In 2012, The Weather Company (TWC) was at a crossroads. Founded in 1982 as “The Weather Channel,” the company’s core business centered on cable television programming, including weather forecasts and other weather-related content such as documentaries. But for years, viewership had been declining in the face of “cord-cutting” by consumers, as well as the proliferation of digital weather tools made ubiquitous by the smartphone. Yet, TWC had no mobile weather app—indeed, no real online presence to speak of.
Confronting these headwinds, the company embarked on an ambitious plan to leverage big data to propel the company into new, digital-first business verticals. The company announced its pivot by rebranding as “The Weather Company.” The embrace of data analytics was a natural next step despite the company’s decades-long roots in the cable television business. Said CTO Bryson Koelher: “Weather is the original big data application… when mainframes first came about, one of the first applications was a weather forecasting model.”
The company’s digital transformation entailed three main steps:
First, TWC augmented its deep bench of talent in meteorology and atmospheric physics by hiring data scientists and machine learning experts to work on cross-disciplinary teams building more complex forecasting models integrating a wider array of data. Relatedly, it expanded its pool of weather data by acquiring Weather Underground, which offered a weather app that used “crowd-sourced microclimate data” to offer precise weather forecasts through its mobile app.
Second, TWC overhauled its IT infrastructure by moving its 13 data centers into the cloud and integrating the “loose-knit collection of aging applications” constituting its legacy platform into a single integrated data platform. This integration not only enabled more efficient data analytics processing, but it also made it easier for third-party partners to plug into the platform. Costs for each API call—when a third-party application called on TWC servers to access weather data—plummeted to 1/70th of the cost under the pre-cloud infrastructure, driving customer growth. Today, TWC is one of the world’s largest API platforms, with over 25,000 partners and over 26 billion daily API calls.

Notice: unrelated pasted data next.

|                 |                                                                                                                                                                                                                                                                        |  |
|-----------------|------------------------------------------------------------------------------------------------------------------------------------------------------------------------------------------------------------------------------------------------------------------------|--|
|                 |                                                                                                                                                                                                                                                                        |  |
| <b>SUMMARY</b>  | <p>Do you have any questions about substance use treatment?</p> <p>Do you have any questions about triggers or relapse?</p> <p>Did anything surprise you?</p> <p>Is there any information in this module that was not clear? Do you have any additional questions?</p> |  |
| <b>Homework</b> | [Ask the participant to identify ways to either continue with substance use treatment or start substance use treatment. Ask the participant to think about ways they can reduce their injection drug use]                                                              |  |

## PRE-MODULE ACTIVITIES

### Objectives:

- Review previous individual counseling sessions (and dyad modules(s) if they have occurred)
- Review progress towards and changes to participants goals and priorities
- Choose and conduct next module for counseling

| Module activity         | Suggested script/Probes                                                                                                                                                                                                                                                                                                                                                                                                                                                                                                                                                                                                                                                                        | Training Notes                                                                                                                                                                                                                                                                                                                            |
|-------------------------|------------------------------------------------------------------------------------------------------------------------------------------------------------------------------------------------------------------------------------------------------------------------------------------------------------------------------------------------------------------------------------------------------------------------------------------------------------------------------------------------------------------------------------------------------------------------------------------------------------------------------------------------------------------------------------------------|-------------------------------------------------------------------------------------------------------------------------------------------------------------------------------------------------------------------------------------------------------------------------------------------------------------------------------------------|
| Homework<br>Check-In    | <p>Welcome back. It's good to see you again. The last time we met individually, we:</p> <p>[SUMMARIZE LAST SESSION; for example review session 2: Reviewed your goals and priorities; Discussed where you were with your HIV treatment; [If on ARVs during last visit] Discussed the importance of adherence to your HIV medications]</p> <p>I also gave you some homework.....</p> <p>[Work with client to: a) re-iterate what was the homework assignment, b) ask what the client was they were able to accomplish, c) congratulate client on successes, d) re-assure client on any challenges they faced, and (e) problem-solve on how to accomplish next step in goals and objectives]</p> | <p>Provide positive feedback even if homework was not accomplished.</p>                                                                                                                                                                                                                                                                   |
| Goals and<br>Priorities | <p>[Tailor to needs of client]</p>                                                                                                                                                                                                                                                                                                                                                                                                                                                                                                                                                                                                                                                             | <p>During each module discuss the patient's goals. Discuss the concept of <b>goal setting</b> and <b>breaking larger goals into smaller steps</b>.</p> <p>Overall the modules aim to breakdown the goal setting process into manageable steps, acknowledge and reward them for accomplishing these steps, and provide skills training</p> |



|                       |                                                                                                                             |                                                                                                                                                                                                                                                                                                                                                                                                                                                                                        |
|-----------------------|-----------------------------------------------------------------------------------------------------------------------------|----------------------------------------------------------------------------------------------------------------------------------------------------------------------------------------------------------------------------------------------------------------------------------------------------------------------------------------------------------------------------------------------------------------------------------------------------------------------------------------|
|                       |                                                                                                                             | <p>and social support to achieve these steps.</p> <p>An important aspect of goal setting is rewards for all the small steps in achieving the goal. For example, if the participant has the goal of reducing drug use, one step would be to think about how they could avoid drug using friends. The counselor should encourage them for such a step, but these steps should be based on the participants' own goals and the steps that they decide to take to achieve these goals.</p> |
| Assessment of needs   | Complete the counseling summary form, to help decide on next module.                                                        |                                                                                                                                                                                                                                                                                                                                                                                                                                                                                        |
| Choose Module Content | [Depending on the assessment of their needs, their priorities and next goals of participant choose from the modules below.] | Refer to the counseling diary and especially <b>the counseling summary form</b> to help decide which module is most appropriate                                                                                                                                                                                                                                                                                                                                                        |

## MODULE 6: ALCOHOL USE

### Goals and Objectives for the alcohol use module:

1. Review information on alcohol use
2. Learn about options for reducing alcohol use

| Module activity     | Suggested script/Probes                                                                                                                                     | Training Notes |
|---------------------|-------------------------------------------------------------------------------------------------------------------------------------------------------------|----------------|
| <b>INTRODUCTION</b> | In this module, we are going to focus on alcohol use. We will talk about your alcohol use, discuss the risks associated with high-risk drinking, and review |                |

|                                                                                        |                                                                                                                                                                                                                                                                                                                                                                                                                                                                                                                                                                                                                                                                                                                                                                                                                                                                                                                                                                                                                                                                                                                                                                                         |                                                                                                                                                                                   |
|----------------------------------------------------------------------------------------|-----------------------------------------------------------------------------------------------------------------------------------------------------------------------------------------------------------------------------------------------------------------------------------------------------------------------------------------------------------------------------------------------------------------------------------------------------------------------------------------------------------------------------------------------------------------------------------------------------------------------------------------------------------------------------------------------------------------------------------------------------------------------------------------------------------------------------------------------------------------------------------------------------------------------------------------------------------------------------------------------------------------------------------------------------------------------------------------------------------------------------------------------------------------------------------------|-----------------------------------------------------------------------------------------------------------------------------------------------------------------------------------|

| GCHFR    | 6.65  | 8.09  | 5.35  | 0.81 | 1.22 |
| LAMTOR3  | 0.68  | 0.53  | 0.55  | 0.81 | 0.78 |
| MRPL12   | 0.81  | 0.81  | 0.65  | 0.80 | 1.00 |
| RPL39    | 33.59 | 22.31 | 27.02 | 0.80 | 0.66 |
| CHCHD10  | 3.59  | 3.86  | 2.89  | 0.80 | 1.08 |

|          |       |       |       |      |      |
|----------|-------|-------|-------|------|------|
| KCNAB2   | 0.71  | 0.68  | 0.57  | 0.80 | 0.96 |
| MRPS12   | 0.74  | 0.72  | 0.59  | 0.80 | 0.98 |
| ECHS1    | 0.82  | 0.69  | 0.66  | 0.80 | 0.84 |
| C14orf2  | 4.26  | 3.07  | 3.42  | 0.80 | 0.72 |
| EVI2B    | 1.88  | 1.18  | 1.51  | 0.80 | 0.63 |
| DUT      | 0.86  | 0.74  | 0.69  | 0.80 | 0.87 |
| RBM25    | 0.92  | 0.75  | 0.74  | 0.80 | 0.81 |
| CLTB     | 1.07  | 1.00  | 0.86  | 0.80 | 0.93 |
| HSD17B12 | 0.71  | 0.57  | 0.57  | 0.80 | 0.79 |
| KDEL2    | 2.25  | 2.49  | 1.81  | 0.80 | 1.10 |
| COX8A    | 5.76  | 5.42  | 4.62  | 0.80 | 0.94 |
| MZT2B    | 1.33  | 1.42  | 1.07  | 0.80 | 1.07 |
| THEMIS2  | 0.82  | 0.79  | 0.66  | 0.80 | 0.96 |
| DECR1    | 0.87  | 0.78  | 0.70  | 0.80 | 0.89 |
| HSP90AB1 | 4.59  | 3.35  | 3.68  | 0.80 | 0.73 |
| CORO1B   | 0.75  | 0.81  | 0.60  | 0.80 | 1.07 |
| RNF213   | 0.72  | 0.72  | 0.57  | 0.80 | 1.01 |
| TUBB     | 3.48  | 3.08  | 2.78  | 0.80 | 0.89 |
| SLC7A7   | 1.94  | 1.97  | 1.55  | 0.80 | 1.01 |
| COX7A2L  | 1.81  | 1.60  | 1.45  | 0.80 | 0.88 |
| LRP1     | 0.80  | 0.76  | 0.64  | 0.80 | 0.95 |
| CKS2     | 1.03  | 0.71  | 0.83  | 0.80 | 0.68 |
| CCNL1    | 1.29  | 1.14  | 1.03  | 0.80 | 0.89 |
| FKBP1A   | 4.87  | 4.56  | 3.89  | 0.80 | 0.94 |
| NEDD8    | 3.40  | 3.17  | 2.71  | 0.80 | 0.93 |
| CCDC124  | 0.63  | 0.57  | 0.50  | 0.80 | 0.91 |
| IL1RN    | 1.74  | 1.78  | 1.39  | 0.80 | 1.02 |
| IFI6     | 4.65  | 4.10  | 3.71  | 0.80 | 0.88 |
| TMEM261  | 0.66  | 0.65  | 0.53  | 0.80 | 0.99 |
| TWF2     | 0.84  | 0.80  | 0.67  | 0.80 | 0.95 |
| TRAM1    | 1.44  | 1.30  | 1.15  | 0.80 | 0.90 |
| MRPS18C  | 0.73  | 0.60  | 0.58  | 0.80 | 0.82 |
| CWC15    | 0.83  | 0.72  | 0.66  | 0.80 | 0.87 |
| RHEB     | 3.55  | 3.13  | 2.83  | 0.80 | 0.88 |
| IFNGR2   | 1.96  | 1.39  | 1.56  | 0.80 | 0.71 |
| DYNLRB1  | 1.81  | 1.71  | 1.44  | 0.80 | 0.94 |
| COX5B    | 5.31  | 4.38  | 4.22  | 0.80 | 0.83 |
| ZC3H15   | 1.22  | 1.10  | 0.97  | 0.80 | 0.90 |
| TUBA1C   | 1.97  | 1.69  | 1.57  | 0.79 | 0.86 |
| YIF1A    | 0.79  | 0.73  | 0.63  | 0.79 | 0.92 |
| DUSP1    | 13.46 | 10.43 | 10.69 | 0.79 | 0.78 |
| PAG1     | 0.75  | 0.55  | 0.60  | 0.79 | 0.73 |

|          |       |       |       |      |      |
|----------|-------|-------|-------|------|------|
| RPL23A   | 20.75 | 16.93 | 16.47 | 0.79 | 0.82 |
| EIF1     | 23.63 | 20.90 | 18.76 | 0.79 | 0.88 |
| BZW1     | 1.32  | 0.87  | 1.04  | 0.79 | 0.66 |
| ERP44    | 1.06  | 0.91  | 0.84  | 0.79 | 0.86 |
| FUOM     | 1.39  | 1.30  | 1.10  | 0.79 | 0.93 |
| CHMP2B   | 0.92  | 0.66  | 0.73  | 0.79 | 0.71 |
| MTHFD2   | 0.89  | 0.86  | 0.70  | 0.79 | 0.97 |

Third, TWC began a period of experimentation to understand new verticals where its big data strategy would generate value for its business customers. A key vertical that emerged was marketing and advertising. TWC hoped to generate hyper-localized insights about consumers’ behavior by analyzing “when, where and how often people check the weather,” which would allow businesses to better target their advertisements.
TWC’s early experiments yielded surprising findings, according to a Wall Street Journal report:
- Consumers in different locales respond to the same weather differently:
- Bug spray sales increased during spring in Dallas when the dew point was below average, whereas bug spray sold better in Boston when the dew point was above average.
- In Chicago, heatwaves caused a surge in air conditioner purchases within a day, whereas consumers in Atlanta—ostensibly more acclimated to heat—tended to wait more than 2 days during heatwaves before purchasing relief.
- When a consumer checked the weather affected their consumption habits:
- Michaels’ craft stores had hypothesized that sales would surge on rainy days—when many people would take up craft projects. Instead, TWC insights showed that Michaels’ store sales surged when weather forecasts predicted rain 3 days in advance.
- Individuals who checked the weather earlier in the day were more likely to make decisions about how to plan the rest of their day—including potential shopping trips.
In November 2015, TWC was acquired by IBM. In November 2019, IBM launched Global High-Resolution Atmospheric Forecasting (GRAF), which brought IBM’s supercomputing power together with TWC’s weather prediction know-how. GRAF promised forecasts that refreshed hourly on areas as small as 2 miles wide (as compared to every 6-12 hours, on areas as small as 6-9 miles wide, under the most advanced weather forecasting alternatives then on the market). The supercomputer underlying GRAF claimed to process 12 trillion pieces of weather data integrated from an array of sources including smartphones and airplanes. GRAF promised to continue extending TWC’s pioneering approach to weather-related predictive analytics into new applications across a range of industries.